In the last article on this subject I wrote about my approach to the left hand, concentrating on the wrist, palm and thumb. This time we’ll look at the fingers. First I’ll start out by saying that I seem to have little girl hands. I am fairly short too, at 5’7”, so those who have much bigger hands might alter my approach accordingly. But really, it all comes down to not working as hard as you might think you need to.
A common exercise for beginning guitarists might be something like a 1-2-3-4 exercise, where you start by putting your first finger on the first fret, followed by the second finger on the second fret, etc. We’ve all done this. However, a common mistake is either pulling previous fingers off of the string, or keeping constant and even pressure with each successive finger. We’ll address both of these problems, but one at a time.
Releasing the finger off of the string simply takes too much effort. I know our fingers want to naturally do this. Place a finger down (remember to use the fingertip, not the pad), release the finger, place another finger down. But releasing that first finger causes problems when that first finger is needed again. It has to search for the right string as it comes down again. It doesn’t matter if it’s a smaller string, a bigger one, or the same string, it has to come down and get its bearings, and press again. I know we’re talking milliseconds (and some cases, millimeters), but those add up. The fingers are moving more, which takes more energy. Why work that hard?
By the same token, keeping all fingers pressed in succession takes too much force in the left hand. The hand tenses too much and you feel it down the back of your hand into your forearm. Again, way too much energy and this can actually cause pain over time.
Again, why work that hard?
I propose that there’s a difference between releasing pressure from the note you’re holding and releasing the finger from the string. I stay in contact with the string, but just release the pressure downward. There’s no tension from that finger anymore, and the finger is ready to go to any string – in fact, you can usually feel a bigger or smaller string touching your finger as you do this.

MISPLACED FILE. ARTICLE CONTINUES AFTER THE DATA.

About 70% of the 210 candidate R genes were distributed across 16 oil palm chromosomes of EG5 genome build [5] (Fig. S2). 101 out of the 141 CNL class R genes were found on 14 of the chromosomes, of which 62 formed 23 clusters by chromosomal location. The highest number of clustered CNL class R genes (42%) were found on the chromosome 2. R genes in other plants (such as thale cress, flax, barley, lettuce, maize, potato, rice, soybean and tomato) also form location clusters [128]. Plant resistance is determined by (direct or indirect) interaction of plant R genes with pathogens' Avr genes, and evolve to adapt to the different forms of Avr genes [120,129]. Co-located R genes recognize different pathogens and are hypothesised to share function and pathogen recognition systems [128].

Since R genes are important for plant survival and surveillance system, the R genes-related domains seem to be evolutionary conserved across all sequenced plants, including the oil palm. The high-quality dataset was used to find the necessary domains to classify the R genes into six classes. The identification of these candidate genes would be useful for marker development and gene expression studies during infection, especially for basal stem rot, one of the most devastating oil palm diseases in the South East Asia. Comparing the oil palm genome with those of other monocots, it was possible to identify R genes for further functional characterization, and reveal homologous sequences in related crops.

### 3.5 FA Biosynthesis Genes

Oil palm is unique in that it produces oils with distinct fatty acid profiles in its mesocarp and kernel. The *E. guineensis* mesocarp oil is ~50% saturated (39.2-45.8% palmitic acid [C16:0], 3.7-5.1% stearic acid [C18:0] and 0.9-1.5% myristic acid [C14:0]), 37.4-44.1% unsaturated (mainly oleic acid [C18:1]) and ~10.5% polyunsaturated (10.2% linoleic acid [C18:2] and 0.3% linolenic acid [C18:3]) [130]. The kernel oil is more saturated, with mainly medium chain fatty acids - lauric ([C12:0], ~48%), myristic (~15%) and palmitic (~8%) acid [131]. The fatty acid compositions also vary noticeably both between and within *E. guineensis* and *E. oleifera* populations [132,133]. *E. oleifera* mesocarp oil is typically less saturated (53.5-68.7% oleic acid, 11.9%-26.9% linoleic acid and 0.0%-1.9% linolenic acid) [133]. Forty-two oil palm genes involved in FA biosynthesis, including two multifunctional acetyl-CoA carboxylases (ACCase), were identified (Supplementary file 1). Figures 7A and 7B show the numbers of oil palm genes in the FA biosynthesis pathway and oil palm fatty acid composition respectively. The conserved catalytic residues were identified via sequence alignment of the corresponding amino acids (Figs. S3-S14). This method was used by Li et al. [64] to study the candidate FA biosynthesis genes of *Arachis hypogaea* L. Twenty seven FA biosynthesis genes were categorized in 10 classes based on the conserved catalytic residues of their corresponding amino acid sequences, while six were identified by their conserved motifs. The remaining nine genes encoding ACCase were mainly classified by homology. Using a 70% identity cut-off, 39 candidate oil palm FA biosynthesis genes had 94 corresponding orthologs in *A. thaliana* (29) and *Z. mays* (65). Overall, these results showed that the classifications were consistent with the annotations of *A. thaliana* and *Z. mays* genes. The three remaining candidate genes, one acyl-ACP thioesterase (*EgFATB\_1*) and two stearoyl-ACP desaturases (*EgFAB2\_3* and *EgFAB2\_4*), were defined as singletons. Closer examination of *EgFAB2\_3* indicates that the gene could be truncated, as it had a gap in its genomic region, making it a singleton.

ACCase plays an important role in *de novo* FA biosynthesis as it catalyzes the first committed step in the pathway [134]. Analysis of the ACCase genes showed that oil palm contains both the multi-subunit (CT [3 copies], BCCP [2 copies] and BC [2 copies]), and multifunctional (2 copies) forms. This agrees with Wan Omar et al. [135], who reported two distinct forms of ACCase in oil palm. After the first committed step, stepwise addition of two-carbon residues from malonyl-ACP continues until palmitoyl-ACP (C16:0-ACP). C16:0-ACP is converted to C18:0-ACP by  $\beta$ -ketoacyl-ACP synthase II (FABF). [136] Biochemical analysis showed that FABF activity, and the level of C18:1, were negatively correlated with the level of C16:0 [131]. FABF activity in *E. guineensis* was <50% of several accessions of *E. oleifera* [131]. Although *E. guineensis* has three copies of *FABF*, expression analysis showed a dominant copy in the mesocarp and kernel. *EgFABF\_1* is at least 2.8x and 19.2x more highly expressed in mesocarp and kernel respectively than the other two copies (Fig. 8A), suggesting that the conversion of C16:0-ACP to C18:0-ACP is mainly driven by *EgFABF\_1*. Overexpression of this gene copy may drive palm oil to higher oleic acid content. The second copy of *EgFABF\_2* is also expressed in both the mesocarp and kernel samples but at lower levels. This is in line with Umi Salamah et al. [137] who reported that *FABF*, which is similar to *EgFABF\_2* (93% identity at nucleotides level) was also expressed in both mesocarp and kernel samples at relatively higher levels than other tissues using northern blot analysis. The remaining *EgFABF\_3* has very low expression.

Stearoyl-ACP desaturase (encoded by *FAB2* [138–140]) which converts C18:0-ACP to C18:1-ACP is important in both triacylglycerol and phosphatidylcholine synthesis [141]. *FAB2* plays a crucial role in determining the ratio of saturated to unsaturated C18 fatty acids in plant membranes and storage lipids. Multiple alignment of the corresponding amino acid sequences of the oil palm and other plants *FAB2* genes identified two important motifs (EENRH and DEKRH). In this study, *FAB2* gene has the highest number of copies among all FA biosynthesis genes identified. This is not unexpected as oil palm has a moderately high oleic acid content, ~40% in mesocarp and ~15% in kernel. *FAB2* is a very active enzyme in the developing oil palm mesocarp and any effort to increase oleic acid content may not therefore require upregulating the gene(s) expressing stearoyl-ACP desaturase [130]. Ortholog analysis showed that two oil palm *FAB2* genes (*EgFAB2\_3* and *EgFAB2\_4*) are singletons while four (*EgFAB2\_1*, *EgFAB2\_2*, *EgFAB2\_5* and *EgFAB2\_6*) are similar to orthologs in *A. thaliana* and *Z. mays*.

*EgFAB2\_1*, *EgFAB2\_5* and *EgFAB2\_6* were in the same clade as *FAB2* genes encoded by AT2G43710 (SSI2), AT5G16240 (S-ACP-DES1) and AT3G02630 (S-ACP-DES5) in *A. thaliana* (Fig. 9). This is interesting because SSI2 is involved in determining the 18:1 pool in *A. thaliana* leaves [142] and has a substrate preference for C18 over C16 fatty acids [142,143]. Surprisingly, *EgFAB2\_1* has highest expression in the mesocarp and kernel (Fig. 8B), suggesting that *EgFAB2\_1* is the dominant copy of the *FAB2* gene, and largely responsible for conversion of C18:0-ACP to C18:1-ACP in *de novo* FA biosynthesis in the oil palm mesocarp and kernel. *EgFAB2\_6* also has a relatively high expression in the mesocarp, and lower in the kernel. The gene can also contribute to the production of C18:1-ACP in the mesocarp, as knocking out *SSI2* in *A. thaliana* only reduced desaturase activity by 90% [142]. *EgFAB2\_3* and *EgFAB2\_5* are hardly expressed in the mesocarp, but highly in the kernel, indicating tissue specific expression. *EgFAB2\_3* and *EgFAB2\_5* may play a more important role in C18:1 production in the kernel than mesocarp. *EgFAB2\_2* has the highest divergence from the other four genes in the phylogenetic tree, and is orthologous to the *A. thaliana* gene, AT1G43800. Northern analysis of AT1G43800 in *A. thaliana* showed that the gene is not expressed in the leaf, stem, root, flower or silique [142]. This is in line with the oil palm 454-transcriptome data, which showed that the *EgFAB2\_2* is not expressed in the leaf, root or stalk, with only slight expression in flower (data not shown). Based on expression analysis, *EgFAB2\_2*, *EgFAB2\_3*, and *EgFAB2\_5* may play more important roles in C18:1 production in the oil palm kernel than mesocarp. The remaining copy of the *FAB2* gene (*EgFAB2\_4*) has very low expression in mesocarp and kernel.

The problem with this method is that it’s difficult to train the left hand to work that efficiently. It’s even harder to re-train the left hand if it is used to seemingly doing its own thing. But it can be taught: remember the brain is more powerful than muscle memory, and with s l o w practice, you can accomplish much more. You will work less, and when you move more efficiently, you will have more control and more speed.
The other aspect of the left hand fingers to address is where we press. Now, anyone who has played guitar longer than a day knows you don’t actually press on the metal frets – the note needs a clean fret as a starting point for the sounding length of the string. You can press anywhere between the frets to get that note.
However, the closest you get to that metal fret (without touching it) will give you the cleanest possible note, with the least amount of effort. On one of my guitars, I use a scalloped neck, so there’s no wood to press against. You press until the string contacts the top of the metal fret and no more.
There’s that effort thing again. Notes pop out of the guitar if you press in exactly the right place with barely any effort at all. This is great news to anyone looking for a more efficient left hand technique, but it gives hope to new players struggling to press down on a string.
As with any of my approaches, there are exceptions. With chords like an open position A chord, the fingers are at a diagonal angle to the fret, as do many other chords. There is no way around this. People with big hands have it worse when playing chords, as it is almost impossible to play many chords with fingers parallel to the frets.
Yes, I know for the most part, guitar players don’t think this much about the left hand. Because playing didn’t come easy to me (it still doesn’t), I’ve had to dissect many aspects of playing that many other people take for granted.
So, is there anyone else that has some tips for relaxing the left hand? A relaxed tension-free approach will be helpful for many players who currently play with pain, and I am sure they would love to hear any other tips you readers may have.